She’s not the only fabulous illustrator you’ve worked with, of course. Rafael Lopez has partnered with you (My Name is Celia: The Life of Celia Cruz), as well as Joe Cepeda and John Parra, among others. What is your favorite part of seeing your work interpreted visually?
My favorite moment of the entire picture-book process is the day I first receive/see the final, painted art. It is always such a joy to see the way my words have been interpreted and brought to life. I consider Rafael, John, and Joe brilliant artists, as well as very dear friends, so it makes working with them all the more special. John Parra and I have two books together, and Rafael and I have a 2013 book forthcoming! We published our first book together, and we are excited about Tito Puente, King of Mambo (HarperCollins 2013)!
How would you compare the challenges and joys of nonfiction picture book vs fiction, such as Marisol MacDonald Doesn’t Match? Does one feel easier or more enjoyable to you than the other?
I would say that neither are easy and both are joyful. At this particular moment I’m enjoying writing fiction very much—in particular the character of Marisol McDonald. She will have a new book in 2013—Marisol McDonald and the Clash Bash. For the Marisol books, I’ve drawn from my own childhood, so I suppose the lines between fiction and nonfiction are not so clear after all!
You are, of course, at the forefront of an exciting group of Latino authors producing work in English and in bilingual formats for young readers. What are your thoughts on the responsibilities of multicultural authors as a group, particularly as it applies to social justice?
I hope to contribute to a more socially just society both in my personal and professional writing life. I have been given a wonderful education and many opportunities to share my vision and voice and participate fully in our democracy. As a teacher, writer, and citizen I hope my work supports others doing the same. I also believe those of us who have a public forum have even more responsibility to those whose voices are often overlooked or silenced.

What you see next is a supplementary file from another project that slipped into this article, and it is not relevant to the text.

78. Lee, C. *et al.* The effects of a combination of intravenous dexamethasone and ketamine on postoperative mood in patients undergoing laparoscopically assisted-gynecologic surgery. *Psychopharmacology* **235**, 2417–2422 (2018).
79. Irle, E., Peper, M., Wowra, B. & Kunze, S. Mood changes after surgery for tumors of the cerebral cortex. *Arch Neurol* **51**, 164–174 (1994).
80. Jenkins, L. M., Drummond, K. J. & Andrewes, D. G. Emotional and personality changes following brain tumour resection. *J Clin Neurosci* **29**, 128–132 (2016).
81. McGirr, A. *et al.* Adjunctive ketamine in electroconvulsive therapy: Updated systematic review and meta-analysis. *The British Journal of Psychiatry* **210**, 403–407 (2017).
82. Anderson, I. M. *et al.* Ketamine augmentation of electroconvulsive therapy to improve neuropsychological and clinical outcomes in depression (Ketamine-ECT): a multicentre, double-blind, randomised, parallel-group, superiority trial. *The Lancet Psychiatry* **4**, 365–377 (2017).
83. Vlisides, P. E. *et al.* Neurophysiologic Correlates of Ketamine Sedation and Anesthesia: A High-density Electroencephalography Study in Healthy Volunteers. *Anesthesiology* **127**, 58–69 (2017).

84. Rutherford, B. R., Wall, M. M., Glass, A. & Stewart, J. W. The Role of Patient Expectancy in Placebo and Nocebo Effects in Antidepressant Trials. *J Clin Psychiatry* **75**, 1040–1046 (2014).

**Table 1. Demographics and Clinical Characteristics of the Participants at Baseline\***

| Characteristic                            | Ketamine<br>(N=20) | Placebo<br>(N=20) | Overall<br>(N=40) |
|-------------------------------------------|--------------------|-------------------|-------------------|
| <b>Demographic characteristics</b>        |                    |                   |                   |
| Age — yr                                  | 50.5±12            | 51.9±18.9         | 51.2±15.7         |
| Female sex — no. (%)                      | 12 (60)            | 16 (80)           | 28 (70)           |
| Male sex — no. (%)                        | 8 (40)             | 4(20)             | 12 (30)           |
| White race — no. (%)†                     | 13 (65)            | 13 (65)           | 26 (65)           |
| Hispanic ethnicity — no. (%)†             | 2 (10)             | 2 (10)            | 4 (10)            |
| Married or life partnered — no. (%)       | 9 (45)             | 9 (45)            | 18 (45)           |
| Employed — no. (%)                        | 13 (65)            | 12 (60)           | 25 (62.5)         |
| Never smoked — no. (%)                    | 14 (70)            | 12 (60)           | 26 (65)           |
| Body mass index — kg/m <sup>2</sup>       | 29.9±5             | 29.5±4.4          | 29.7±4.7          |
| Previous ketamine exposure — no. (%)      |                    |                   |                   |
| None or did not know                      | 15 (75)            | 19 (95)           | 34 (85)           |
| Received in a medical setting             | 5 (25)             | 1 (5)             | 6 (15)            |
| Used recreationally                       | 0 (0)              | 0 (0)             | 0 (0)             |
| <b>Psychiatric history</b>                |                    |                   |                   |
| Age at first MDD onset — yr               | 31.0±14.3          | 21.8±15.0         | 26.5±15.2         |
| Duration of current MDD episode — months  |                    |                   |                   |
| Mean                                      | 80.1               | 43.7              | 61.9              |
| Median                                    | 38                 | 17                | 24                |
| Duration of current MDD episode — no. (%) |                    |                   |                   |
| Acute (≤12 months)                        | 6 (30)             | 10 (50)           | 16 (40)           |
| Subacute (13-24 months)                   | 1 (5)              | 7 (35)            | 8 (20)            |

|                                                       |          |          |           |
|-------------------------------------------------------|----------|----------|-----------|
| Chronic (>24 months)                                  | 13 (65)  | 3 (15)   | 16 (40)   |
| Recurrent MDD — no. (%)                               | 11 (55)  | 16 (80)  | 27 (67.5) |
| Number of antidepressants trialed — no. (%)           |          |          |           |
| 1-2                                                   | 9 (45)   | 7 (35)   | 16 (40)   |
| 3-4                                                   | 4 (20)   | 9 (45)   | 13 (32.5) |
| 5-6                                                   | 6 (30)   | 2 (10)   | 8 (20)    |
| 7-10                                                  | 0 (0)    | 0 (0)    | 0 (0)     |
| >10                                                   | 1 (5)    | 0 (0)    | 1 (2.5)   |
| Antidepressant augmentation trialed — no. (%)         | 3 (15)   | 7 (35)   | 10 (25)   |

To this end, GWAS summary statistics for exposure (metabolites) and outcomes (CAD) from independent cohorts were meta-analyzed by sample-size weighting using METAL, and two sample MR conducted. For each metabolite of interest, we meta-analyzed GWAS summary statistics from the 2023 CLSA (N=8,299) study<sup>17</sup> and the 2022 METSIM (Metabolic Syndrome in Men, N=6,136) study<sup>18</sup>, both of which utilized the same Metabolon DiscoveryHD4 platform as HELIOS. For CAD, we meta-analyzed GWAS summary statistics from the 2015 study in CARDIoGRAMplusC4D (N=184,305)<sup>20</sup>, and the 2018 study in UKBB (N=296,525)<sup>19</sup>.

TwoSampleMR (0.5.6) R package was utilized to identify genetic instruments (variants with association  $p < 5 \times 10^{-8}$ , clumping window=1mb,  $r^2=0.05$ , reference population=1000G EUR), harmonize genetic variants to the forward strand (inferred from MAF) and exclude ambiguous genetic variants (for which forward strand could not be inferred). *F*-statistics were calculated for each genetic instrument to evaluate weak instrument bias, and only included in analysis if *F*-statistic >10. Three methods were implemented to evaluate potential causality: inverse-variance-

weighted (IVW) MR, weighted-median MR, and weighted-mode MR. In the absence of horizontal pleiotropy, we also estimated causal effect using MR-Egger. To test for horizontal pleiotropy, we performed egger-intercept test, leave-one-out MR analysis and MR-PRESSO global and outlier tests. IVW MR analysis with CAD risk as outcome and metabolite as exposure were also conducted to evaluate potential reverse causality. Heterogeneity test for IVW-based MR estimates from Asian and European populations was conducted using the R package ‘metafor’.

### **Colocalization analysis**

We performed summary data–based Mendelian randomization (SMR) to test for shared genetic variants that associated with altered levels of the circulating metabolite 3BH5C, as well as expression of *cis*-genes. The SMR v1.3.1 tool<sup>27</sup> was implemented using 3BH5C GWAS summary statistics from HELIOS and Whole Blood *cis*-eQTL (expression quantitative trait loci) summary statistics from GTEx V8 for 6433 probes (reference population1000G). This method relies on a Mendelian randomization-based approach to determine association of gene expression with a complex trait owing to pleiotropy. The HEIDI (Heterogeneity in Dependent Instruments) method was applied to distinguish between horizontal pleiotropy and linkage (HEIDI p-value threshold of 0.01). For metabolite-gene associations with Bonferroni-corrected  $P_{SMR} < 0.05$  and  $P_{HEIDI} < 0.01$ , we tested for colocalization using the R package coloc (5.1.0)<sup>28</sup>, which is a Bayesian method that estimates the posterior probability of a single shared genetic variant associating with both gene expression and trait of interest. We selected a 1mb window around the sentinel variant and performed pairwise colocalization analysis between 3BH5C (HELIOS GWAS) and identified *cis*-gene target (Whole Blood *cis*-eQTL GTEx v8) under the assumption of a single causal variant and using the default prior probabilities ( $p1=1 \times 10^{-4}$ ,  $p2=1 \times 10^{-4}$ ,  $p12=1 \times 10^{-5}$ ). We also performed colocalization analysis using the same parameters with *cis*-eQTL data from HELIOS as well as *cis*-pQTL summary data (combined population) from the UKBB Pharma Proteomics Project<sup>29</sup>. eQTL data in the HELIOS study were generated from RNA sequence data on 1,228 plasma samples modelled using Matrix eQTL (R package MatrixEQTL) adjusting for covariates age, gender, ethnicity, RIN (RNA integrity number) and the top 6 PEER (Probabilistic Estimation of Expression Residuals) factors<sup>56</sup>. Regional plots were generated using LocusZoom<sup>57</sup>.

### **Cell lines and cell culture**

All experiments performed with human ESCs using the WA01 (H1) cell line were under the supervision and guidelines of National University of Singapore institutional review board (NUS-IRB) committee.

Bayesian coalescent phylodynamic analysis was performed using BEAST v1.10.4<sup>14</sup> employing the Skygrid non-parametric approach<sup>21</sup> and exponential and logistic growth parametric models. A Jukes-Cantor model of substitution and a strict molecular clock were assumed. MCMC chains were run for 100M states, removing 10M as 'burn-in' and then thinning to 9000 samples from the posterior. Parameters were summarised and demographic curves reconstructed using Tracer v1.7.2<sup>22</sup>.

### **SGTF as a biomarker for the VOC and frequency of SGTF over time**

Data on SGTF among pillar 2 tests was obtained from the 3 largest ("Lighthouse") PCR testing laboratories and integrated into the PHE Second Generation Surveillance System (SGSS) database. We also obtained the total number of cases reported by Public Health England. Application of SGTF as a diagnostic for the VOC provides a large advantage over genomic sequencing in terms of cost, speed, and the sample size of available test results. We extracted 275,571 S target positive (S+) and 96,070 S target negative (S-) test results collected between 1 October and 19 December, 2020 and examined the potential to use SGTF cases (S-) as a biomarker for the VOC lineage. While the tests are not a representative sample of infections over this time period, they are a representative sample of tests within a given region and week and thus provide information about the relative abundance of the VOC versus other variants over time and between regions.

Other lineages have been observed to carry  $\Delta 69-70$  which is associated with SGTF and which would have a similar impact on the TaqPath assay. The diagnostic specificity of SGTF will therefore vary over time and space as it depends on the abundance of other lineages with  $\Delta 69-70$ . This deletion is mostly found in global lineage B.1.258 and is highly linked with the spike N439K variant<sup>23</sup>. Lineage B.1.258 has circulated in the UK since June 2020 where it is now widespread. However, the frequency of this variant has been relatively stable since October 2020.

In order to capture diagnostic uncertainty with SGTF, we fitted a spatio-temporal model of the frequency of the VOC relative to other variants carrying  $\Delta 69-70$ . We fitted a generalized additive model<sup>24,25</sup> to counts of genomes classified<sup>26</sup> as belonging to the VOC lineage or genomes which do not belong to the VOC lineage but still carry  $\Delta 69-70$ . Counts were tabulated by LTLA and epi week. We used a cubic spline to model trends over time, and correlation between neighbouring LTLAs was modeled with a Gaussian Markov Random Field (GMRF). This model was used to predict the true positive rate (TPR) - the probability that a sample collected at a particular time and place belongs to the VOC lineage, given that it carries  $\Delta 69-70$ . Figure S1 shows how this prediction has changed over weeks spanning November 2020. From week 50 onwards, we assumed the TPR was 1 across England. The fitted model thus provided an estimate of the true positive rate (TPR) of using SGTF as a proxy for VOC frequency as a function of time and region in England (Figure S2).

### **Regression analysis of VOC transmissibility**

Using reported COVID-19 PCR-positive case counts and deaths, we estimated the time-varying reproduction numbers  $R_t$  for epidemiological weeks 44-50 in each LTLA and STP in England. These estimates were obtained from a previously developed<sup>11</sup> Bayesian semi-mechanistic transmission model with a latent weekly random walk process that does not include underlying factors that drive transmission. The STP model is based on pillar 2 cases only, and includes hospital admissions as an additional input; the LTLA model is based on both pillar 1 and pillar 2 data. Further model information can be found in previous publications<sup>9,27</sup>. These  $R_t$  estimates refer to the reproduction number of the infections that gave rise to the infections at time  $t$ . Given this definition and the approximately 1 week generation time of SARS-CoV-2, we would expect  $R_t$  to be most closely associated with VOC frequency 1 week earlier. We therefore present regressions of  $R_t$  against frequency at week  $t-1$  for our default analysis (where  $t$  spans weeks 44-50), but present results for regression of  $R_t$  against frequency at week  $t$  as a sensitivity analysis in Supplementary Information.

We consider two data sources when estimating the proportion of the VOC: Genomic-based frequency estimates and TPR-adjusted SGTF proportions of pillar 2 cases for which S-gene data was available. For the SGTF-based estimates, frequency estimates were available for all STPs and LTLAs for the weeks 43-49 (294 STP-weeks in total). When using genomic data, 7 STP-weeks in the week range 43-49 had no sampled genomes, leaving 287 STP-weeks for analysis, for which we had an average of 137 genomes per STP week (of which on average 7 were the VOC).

You are just back from Peru. Tell us about your trip!
I’ve just returned from Peru, the country of my mother’s birth, where I was a guest of the U.S. Embassy there. It was a truly amazing, humbling trip. I did numerous events over five days—in Lima, Arequipa, and Puno. I counted seven flights in seven days in fact!
I was a featured author at the Arequipa International Book Fair. I visited impoverished elementary schools in each city; I gave public talks; and I offered several teaching workshops while I was there. It was awesome to meet so many beautiful children and teachers and each and everyone was excited about literature! Only a week before I left, I put a call out to my friends and fellow Latino children’s authors, and they came through. Together, we donated many books to schools that wouldn’t otherwise have them. The students loved them!
I ended a wonderful week by spending a few days with my family in Peru—many of whom I hadn’t seen in years and years. The other thing that made the trip special was that I was able to bring my teenage daughter Isabella, who celebrated turning 15 in the Lima airport. Quinceañera!